Total Undergraduate Enrollment: 6,788
Institutional Type: Private
Curricular Flexibility: Somewhat Flexible
Academic Rating: 5
1. Putnam Investments
2. Akuna Capital
3. Atlantic Media
5. Environmental Defense Fund
1. McKinsey & Company
2. NASA Jet Propulsion Laboratory
3. Jane Street Capital
3. Goldman Sachs
4. McKinsey & Company
2. New York City
3. San Francisco
4. Washington, DC
5. Los Angeles
College Scorecard (Early Career): $89,700
EOP (Early Career): $81,500
PayScale (Mid-Career): $146,800
The oldest university in the United States, founded 140 years before the United States itself was even a concept, it is also the most iconic and, in many ways, revered institution of higher learning. Worldwide, Harvard is the envy of other universities and the dream destination for countless teenage geniuses and overachievers. For 6,800 young people, the Ivy League university in Cambridge, Massachusetts, is their reality, and learning from Nobel Laureates, Pulitzer Prize winners, and global leaders in every field is an everyday occurrence.
There are fifty undergraduate fields of study referred to as concentrations; many are interdisciplinary. Nearly 3,900 courses are on the menu, so learning options are extensive. Core requirements are minimal outside of expository writing, which all freshmen must conquer, proficiency in a foreign language (which must be achieved by the end of sophomore year), and a trek through the program in general education. The latter requirement ensures that undergrads are exposed to four main areas: aesthetics and culture, ethics and civics; histories, societies, and individuals; and science and technology in society. Roughly half of the students complete some type of senior thesis, but there are no requirements in that area.
Even with a graduate population of almost 14,000 to cater to, undergraduate class sizes still tend to be on the smaller side with 42 percent of sections having single-digit enrollments. Graduates report an 82 percent satisfaction rate with the experience within their academic concentration. Summer research experiences are taken advantage of by 38 percent of the student body. Approximately 60 percent of students study abroad at a number of locations in South America, Africa, Europe, or Asia.
Economics, government, and computer science are the three most popular areas of concentration at Harvard. Those programs, along with ones in biology, chemistry, physics, math, statistics, sociology, history, English, and psychology all sit atop most departmental ranking lists. The university also occupies the top position in the all- time Rhodes Scholar rankings with 347 to its credit, more than the combined total from Stanford, Penn, Dartmouth, Brown, MIT, Cornell, and Columbia. The list of all-time alumni accolades could go on forever and includes ninety-six Nobel Laureates and eight US presidents.
Possessing a bottomless endowment, the school never needs to cut corners on any programs, campus infrastructure, or amenities—and it shows. Freshmen live together at a centralized campus location adjacent to the famed Harvard Yard and then, as sophomores, move into one of twelve stately, upper-class houses, each with its own set of traditions and sense of community. Greek life, once thriving, has taken a dip in recent years after university officials enacted new regulations to deter membership in single-sex clubs. Students who participate forfeit eligibility for leadership positions in athletics or student government and will not be recommended for prestigious scholarships. Fortunately, a bevy of other social clubs exist in the form of 450 student-run organizations including the history-rich Hasty Pudding Club and the Phillips Brooks House Association that runs eighty-six volunteer organizations. Of course, studying is also a popular “hobby,” and the Harvard Library is the largest academic library in the world and boasts a staff of nearly 800. The Harvard Crimson is a premier college newspaper with a long and storied history—Franklin Roosevelt and John F. Kennedy are among its alums— and The Harvard Lampoon is one of the world’s oldest humor magazines, one that has helped launch talents ranging from John Updike to Conan O’Brien. Athletics also play a prominent role in Harvard’s culture, both past and present, as the school fields forty NCAA Division I sports teams, evenly split between men’s and women’s squads. Cambridge itself is a bustling hub of culture, nightlife, and entertainment. Downtown Boston is only a twelve- minute ride away on the city’s easily accessible public transit system.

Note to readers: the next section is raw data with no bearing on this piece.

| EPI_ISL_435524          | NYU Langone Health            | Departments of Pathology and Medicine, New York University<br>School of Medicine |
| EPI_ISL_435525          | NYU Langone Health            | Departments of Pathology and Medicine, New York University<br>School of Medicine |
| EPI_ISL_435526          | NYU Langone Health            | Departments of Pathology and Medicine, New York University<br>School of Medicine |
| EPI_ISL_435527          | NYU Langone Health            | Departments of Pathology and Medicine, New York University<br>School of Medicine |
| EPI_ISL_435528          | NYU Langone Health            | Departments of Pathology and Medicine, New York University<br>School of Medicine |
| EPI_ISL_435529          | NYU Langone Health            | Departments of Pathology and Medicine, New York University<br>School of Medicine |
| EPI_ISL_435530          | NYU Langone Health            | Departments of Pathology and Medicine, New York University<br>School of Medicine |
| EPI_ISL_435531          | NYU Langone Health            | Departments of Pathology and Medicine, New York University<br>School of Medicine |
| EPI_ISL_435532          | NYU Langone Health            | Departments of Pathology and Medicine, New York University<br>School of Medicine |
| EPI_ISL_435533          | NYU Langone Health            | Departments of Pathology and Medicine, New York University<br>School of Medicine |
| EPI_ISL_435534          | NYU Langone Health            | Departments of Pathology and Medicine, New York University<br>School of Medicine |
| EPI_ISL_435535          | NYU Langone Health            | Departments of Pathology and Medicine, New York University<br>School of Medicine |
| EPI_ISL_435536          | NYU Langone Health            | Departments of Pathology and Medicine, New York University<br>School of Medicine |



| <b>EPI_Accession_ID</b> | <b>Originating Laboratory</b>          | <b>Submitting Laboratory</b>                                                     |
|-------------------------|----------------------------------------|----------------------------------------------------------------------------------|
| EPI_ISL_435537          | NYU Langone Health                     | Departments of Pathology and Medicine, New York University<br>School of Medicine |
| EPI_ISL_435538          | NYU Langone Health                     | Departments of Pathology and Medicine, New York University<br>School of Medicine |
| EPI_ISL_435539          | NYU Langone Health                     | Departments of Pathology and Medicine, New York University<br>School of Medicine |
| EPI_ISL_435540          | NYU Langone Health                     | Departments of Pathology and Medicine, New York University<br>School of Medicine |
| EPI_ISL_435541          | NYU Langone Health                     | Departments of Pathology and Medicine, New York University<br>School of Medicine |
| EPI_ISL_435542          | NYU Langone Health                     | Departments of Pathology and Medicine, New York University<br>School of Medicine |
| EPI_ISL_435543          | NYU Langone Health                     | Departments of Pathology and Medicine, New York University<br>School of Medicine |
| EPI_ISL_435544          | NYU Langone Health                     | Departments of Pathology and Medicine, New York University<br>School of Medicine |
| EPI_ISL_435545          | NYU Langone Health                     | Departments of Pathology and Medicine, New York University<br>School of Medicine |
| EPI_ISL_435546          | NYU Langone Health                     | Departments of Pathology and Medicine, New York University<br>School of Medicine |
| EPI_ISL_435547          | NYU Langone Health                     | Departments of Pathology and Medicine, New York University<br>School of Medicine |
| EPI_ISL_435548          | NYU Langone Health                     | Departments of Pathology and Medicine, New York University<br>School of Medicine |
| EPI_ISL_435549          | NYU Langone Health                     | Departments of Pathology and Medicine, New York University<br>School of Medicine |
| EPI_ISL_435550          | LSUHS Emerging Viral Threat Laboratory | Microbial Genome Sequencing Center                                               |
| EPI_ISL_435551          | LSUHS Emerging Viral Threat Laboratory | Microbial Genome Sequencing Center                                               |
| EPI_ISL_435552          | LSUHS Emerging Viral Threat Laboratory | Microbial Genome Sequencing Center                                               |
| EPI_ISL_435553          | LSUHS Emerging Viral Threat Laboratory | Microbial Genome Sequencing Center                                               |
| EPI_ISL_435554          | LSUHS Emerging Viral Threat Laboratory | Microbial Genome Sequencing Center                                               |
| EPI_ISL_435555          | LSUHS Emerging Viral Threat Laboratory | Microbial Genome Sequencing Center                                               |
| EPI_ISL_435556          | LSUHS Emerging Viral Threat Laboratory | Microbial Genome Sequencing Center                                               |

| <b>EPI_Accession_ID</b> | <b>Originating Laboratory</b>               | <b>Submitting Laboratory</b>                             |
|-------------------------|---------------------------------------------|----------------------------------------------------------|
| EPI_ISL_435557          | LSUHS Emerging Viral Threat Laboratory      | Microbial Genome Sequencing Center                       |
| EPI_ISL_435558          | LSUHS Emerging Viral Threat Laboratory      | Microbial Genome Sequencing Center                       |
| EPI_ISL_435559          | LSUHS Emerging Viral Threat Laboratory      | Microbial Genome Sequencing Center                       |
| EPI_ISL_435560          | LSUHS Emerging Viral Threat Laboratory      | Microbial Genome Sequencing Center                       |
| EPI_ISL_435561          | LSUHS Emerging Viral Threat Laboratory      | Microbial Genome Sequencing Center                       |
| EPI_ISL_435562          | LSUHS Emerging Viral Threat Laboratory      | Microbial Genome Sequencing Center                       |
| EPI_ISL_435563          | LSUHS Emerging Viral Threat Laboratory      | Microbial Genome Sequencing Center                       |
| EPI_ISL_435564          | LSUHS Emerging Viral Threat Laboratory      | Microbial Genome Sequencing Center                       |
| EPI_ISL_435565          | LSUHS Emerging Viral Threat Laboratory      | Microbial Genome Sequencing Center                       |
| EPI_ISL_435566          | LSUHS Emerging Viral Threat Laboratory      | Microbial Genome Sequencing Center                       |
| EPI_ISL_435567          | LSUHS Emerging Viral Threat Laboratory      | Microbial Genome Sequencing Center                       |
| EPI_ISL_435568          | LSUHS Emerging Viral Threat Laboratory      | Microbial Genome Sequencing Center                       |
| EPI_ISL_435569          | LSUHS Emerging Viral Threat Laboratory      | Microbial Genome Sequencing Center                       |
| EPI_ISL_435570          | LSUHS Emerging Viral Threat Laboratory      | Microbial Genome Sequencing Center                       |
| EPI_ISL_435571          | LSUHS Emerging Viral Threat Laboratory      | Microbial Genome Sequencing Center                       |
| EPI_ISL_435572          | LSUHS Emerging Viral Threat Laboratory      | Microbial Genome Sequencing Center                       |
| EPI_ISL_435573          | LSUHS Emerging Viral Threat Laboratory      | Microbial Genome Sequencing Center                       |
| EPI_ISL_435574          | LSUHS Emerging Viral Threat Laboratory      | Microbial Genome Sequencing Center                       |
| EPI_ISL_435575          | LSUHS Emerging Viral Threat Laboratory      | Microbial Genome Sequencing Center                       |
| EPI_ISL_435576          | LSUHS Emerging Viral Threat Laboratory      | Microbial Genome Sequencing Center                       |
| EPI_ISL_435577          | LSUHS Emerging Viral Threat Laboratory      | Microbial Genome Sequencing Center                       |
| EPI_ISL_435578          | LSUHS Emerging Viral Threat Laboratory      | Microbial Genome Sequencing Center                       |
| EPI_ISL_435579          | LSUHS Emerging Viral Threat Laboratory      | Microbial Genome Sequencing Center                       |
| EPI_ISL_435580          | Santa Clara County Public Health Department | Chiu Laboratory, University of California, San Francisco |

The Center for Career Development (CCD) has nineteen professional staff members (excluding students, assistants, and IT staff) who are dedicated to tasks including employer relations, career counseling, and summer funding opportunities. The 352:1 student- to-advisor ratio is about average compared to other schools featured in this guide. Yet, the closer you look into Harvard’s career services, locating another “average” feature is a nearly impossible task.